BBFC Classification: 12
Director: Cyril Frankel
Starring: Joan Fontaine, Kay Walsh, Alec McCowen, Michele Dotrice, Leonard Rossiter, Ann Bell
Based on the novel The Devil’s Own by Peter Curtis, The Witches is one of the less spoken about films from the mid-period of Hammer’s first run of horror films, released amidst a flurry of Dracula and Frankenstein sequels, cave girl pictures and more popular standalone titles like The Plague of the Zombies and The Reptile.
After an incident with a witchdoctor whilst teaching in Africa, Gwen Mayfield (Joan Fontaine – Ivanhoe) has a breakdown and returns to England to take up a position teaching in a rural village school. But Gwen soon discovers that her run-in with the occult in Africa was just the beginning of her troubles and that the odd behaviour she begins to encounter can be put down to more than just village life, like why her boss pretends to be a vicar when the church is decrepit and run down, and why there seems to be a sudden spate of strange accidents and deaths.
The most obvious plus-point in The Witches is the central performance from Joan Fontaine, who anchors the film and gives it a gravitas in a way that not many leading ladies of the time could pull off without going down the proto-‘scream queen’ route. It’s a more than solid performance and Fontaine manages to earn our sympathies without too much effort but without any of the Hammer regulars in the cast and only Leonard Rossiter (Rising Damp) popping up as a slightly shifty doctor and a very young Michele Dotrice (Some Mothers Do ‘Ave ‘Em) being the only other actors of note in the film, it does feel a little empty and in need of some familiar faces to hold our interest as the story unfolds at a very deliberate pace.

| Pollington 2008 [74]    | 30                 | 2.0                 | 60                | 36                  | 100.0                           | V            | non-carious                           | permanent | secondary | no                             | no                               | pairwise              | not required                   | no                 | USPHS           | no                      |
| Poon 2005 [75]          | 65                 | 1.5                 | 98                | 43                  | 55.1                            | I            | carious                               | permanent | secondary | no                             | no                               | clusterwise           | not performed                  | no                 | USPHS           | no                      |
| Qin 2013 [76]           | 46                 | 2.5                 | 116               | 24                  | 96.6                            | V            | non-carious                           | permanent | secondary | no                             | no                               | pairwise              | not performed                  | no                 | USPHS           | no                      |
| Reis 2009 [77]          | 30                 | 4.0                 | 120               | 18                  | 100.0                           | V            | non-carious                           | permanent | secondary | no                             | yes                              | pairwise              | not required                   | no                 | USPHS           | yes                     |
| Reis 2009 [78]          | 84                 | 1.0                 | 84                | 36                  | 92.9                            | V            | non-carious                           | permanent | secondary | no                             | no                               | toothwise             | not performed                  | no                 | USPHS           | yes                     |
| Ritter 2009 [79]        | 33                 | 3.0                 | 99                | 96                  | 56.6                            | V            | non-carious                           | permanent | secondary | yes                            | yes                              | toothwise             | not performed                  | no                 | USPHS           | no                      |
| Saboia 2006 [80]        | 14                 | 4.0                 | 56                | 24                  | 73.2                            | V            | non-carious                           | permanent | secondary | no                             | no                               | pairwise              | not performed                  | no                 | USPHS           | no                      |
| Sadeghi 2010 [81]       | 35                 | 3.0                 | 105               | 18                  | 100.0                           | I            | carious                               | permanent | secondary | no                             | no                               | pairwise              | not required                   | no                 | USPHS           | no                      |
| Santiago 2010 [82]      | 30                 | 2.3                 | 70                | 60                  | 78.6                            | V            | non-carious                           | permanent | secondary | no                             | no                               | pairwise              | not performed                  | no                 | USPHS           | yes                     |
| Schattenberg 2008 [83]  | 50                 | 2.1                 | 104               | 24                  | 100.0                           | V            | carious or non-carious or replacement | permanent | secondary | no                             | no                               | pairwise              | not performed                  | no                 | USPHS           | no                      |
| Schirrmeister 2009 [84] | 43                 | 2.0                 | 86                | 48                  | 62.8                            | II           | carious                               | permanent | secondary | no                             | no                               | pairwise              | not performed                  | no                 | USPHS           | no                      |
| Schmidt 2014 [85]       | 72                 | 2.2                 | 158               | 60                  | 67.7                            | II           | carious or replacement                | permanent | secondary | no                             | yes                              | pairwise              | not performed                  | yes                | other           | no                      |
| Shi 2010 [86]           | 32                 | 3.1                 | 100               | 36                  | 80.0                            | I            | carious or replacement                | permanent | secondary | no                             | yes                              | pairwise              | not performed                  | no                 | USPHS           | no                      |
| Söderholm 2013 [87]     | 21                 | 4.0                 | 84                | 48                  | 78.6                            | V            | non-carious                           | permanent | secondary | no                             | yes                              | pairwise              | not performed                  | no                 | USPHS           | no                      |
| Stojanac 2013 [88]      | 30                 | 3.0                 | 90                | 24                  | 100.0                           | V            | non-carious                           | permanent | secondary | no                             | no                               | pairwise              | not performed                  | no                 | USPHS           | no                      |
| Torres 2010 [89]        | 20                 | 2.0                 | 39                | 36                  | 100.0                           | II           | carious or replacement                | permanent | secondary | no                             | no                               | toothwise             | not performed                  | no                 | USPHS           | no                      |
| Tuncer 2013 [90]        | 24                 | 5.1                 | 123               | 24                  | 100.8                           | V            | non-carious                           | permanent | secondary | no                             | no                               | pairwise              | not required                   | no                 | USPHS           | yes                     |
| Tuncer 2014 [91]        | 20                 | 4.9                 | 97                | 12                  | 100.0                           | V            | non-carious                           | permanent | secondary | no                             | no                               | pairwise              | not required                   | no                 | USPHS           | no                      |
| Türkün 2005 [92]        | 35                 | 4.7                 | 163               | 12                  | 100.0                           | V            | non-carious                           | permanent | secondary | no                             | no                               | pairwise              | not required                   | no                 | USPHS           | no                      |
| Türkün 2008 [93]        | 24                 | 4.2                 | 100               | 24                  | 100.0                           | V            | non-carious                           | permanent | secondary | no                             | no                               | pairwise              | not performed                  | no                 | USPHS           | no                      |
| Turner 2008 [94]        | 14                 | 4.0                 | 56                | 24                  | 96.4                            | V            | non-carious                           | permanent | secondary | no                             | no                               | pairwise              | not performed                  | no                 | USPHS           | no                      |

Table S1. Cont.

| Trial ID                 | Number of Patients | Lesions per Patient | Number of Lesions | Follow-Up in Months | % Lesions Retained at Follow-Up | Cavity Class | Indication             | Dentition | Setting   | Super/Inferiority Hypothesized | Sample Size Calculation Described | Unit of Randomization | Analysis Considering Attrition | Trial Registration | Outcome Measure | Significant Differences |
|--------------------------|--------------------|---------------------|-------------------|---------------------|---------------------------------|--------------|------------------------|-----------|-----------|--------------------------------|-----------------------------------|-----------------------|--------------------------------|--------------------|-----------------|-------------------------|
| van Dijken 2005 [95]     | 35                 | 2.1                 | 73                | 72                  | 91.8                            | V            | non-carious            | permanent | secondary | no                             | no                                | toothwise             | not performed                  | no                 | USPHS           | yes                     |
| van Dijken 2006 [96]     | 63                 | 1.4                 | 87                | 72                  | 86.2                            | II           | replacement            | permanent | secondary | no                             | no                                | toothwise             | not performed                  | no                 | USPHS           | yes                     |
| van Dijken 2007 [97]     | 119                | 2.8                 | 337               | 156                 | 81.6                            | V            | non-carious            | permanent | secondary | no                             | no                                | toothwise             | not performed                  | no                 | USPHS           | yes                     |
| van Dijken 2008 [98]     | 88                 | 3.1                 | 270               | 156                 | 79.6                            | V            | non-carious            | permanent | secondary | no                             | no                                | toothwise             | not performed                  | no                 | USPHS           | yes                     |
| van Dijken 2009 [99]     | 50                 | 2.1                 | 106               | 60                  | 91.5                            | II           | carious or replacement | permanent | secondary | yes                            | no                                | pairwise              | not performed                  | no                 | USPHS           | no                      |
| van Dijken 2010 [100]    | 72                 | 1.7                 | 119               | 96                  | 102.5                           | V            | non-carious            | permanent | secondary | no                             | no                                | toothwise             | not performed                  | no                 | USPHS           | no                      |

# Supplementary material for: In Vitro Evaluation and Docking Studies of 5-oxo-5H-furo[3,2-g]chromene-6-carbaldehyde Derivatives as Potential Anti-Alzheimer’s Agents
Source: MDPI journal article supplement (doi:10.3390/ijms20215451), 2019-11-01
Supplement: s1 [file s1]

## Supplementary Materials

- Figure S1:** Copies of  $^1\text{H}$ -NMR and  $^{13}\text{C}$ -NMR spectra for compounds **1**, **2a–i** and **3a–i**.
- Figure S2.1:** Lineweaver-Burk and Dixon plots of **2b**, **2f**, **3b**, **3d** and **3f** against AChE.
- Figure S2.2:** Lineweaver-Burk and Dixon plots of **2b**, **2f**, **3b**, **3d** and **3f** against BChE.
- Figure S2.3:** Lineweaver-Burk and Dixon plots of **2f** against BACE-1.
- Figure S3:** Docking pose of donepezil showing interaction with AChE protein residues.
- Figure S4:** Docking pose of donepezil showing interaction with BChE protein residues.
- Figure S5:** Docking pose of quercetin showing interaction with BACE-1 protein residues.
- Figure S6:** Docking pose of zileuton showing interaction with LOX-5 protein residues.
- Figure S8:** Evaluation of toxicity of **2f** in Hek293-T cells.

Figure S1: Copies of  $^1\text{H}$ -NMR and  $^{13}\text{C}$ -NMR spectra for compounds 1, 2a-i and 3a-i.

Despite the television drama feel and relatively wishy-washy casting The Witches does have the sinister undercurrent that is vital in films revolving around a village with a secret, but unlike, say, The Wicker Man it doesn’t feel developed enough to induce any terror. It does serve as a sort-of forerunner to Rosemary’s Baby or Hammer’s own The Devil Rides Out but even for 1966 it feels outdated by at least 15 years, which may go some way to explaining the lukewarm reaction the film received upon its initial release. Looking at it now, the restoration job has certainly helped in sharpening up the picture and adding some richness to the colour scheme but the theatrical nature of the performances and Joan Fontaine’s overall look just seem too old fashioned when you consider that Night of the Living Dead was only two years away and even more so when you compare it to the similarly-themed and far superior City of the Dead, which came out six years earlier.
Also included on the disc is Hammer Glamour, a 42-minute documentary celebrating the bevy of beauties that have starred in various Hammer releases, including new interviews with, amongst others, Caroline Munro (Dracula A.D. 1972), Valerie Leon (Blood From the Mummy’s Tomb) and Martine Beswick (Dr. Jekyll & Sister Hyde). It’s a fun little extra and, obviously, there are some gorgeous stills shown but we also learn the even-more-obvious fact that Christopher Lee takes his work very seriously, even when faced with a toy bat on a wire.
An oddity in Hammer’s back catalogue, The Witches is best approached with caution if you’re expecting the sweeping gothic scenery, swashbuckling heroics or heaving bosoms that Hammer was known for because none of those are there. It is bookended with an exciting opening and a bonkers ending that is both weird and hilarious, but what happens in between is a little too quaint in style to sit comfortably with Hammer’s other output of the period.
Special Features: Hammer Glamour documentary.
UK Release Date: 21st October 2013